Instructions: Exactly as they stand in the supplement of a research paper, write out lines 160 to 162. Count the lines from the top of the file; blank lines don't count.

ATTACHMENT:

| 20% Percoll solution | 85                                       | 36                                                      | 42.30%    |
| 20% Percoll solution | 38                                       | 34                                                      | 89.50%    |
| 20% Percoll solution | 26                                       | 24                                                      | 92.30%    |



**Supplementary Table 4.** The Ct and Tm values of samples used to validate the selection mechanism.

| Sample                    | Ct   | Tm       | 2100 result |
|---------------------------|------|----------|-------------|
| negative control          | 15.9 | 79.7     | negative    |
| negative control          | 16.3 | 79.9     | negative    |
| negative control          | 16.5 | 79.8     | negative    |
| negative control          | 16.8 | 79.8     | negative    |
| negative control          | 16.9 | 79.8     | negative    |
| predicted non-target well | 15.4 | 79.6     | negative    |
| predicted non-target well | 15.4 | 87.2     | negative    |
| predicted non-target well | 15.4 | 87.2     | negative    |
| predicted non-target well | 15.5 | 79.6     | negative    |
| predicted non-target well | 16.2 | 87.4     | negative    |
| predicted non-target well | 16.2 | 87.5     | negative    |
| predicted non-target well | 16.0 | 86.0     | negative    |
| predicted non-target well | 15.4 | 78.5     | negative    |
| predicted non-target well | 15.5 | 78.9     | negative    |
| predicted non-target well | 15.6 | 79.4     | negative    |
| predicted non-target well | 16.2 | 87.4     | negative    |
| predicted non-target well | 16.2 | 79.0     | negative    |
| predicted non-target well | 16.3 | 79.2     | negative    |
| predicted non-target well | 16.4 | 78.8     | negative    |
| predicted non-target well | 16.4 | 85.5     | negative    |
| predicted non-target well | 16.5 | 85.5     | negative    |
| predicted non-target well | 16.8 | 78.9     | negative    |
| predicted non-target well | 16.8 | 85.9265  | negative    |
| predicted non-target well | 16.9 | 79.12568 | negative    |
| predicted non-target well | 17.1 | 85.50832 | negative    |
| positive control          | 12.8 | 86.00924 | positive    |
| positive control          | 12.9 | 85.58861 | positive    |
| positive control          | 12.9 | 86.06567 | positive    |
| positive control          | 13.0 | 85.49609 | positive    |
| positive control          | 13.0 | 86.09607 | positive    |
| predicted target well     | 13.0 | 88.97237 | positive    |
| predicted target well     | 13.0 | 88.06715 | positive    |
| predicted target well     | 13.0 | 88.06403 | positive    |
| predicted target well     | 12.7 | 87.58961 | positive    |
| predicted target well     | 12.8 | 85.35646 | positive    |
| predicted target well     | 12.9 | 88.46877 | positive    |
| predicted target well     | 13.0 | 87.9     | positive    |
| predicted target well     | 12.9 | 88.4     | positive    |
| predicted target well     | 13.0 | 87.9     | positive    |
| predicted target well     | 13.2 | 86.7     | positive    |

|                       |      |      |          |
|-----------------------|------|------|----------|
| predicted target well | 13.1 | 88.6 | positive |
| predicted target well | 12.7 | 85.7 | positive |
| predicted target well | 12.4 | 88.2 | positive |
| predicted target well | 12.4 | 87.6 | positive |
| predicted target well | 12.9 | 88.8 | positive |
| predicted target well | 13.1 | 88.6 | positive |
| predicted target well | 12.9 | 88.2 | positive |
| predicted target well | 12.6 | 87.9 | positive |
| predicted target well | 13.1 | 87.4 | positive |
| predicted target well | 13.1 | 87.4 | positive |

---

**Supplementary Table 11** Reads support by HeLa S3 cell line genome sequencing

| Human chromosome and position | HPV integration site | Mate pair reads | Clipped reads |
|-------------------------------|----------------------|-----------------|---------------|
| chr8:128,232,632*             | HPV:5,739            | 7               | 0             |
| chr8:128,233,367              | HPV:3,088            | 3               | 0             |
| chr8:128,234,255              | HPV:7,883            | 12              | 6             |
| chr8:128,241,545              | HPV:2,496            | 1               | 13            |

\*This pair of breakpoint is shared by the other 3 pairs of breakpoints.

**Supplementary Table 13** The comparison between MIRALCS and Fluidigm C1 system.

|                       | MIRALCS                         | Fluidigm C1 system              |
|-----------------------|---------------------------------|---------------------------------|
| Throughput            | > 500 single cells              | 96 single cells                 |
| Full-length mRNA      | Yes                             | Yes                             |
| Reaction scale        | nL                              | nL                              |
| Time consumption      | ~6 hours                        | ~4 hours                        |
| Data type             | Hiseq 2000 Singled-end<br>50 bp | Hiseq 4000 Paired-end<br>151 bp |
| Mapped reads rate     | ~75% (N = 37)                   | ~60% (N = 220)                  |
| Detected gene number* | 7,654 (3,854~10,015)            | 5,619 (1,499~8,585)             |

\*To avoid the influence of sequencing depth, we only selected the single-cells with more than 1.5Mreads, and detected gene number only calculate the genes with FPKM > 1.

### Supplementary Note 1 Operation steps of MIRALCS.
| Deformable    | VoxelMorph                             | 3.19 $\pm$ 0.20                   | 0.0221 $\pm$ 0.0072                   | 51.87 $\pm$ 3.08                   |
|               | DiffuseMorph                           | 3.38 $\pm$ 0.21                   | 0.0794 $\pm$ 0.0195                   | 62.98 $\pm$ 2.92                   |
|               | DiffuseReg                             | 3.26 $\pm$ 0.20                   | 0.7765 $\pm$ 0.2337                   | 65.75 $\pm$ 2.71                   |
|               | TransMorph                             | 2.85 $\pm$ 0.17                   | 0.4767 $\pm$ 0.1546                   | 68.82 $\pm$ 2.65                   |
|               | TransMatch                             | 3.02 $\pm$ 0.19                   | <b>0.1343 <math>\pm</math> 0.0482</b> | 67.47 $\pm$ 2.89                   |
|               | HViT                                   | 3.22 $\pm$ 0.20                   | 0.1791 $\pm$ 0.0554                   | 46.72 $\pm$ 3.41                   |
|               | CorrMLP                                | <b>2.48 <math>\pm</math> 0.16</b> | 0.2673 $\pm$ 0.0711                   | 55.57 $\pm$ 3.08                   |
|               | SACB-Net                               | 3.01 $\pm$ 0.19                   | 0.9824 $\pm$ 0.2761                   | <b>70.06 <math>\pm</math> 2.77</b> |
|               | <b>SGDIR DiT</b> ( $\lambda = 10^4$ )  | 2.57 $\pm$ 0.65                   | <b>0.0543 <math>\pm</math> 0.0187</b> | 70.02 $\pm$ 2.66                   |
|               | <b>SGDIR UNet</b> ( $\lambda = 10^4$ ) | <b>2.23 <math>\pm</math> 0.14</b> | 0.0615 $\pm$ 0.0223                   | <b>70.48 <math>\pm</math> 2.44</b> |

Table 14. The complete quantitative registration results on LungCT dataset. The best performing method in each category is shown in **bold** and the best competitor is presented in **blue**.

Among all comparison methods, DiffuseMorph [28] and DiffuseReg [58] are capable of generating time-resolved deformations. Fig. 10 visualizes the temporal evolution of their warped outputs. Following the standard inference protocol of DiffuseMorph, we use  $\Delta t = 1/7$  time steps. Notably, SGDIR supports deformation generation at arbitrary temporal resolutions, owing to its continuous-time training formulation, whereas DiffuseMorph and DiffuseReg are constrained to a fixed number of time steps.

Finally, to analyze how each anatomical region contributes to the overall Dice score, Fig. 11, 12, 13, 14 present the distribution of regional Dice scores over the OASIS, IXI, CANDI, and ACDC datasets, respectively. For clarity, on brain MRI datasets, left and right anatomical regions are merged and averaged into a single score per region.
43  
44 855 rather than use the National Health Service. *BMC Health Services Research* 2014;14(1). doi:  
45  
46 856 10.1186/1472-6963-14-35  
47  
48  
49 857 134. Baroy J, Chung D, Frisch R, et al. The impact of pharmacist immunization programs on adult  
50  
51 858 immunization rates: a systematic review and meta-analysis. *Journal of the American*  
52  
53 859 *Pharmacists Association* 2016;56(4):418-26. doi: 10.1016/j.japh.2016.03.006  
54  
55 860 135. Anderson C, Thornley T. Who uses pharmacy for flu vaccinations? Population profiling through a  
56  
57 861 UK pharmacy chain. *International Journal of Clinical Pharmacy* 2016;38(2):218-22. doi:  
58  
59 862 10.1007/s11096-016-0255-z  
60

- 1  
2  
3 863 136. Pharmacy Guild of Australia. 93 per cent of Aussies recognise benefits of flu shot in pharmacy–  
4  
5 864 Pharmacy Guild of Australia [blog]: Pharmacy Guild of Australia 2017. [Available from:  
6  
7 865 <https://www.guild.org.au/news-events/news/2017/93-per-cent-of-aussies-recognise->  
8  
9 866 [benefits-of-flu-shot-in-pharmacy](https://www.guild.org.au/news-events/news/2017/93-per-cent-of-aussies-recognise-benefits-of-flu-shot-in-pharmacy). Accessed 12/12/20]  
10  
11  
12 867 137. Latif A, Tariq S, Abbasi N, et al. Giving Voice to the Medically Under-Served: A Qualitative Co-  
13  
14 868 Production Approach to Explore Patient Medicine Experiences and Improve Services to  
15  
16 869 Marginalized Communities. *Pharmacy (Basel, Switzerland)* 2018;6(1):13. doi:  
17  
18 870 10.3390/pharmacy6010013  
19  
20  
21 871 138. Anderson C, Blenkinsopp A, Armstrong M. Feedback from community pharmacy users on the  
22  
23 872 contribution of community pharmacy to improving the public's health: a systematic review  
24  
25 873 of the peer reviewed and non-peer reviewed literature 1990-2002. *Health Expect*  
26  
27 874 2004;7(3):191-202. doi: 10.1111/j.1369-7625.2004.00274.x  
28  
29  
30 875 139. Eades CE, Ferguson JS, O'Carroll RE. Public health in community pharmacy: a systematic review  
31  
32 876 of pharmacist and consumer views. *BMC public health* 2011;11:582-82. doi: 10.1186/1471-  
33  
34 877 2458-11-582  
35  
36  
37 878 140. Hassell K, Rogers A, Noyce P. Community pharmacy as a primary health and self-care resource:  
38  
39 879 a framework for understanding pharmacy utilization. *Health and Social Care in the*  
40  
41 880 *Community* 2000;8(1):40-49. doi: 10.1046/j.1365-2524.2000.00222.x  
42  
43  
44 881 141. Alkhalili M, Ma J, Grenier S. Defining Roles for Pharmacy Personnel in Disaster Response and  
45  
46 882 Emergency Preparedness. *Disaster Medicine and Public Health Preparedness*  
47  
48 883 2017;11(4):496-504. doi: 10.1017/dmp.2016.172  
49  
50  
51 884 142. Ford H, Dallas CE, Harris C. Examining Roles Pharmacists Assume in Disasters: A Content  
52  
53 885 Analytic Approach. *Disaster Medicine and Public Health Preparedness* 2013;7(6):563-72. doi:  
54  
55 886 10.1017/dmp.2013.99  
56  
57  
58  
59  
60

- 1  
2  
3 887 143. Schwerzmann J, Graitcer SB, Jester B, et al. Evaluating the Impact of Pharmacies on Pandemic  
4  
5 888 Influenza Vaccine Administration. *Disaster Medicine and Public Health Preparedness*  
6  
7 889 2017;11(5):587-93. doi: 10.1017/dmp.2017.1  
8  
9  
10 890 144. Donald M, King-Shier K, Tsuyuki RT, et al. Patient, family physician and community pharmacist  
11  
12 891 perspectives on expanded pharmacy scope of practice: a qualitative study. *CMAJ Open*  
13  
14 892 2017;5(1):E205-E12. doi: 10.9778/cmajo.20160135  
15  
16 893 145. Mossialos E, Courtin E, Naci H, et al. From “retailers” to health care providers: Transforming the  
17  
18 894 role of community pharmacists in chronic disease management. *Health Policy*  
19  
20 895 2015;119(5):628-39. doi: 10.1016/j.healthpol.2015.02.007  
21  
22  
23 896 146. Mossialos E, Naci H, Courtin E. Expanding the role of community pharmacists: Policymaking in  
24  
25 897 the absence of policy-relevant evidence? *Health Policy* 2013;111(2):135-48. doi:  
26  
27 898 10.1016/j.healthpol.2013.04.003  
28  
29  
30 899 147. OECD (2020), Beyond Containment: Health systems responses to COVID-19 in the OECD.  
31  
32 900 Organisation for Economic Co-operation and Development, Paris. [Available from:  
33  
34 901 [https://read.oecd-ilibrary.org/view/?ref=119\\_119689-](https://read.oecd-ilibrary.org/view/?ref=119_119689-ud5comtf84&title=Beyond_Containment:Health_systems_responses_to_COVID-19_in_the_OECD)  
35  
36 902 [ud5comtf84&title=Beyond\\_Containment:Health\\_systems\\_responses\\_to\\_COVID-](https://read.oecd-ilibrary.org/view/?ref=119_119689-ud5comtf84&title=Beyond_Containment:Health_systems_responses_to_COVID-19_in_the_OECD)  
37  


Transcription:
50  
51 884 142. Ford H, Dallas CE, Harris C. Examining Roles Pharmacists Assume in Disasters: A Content  
52  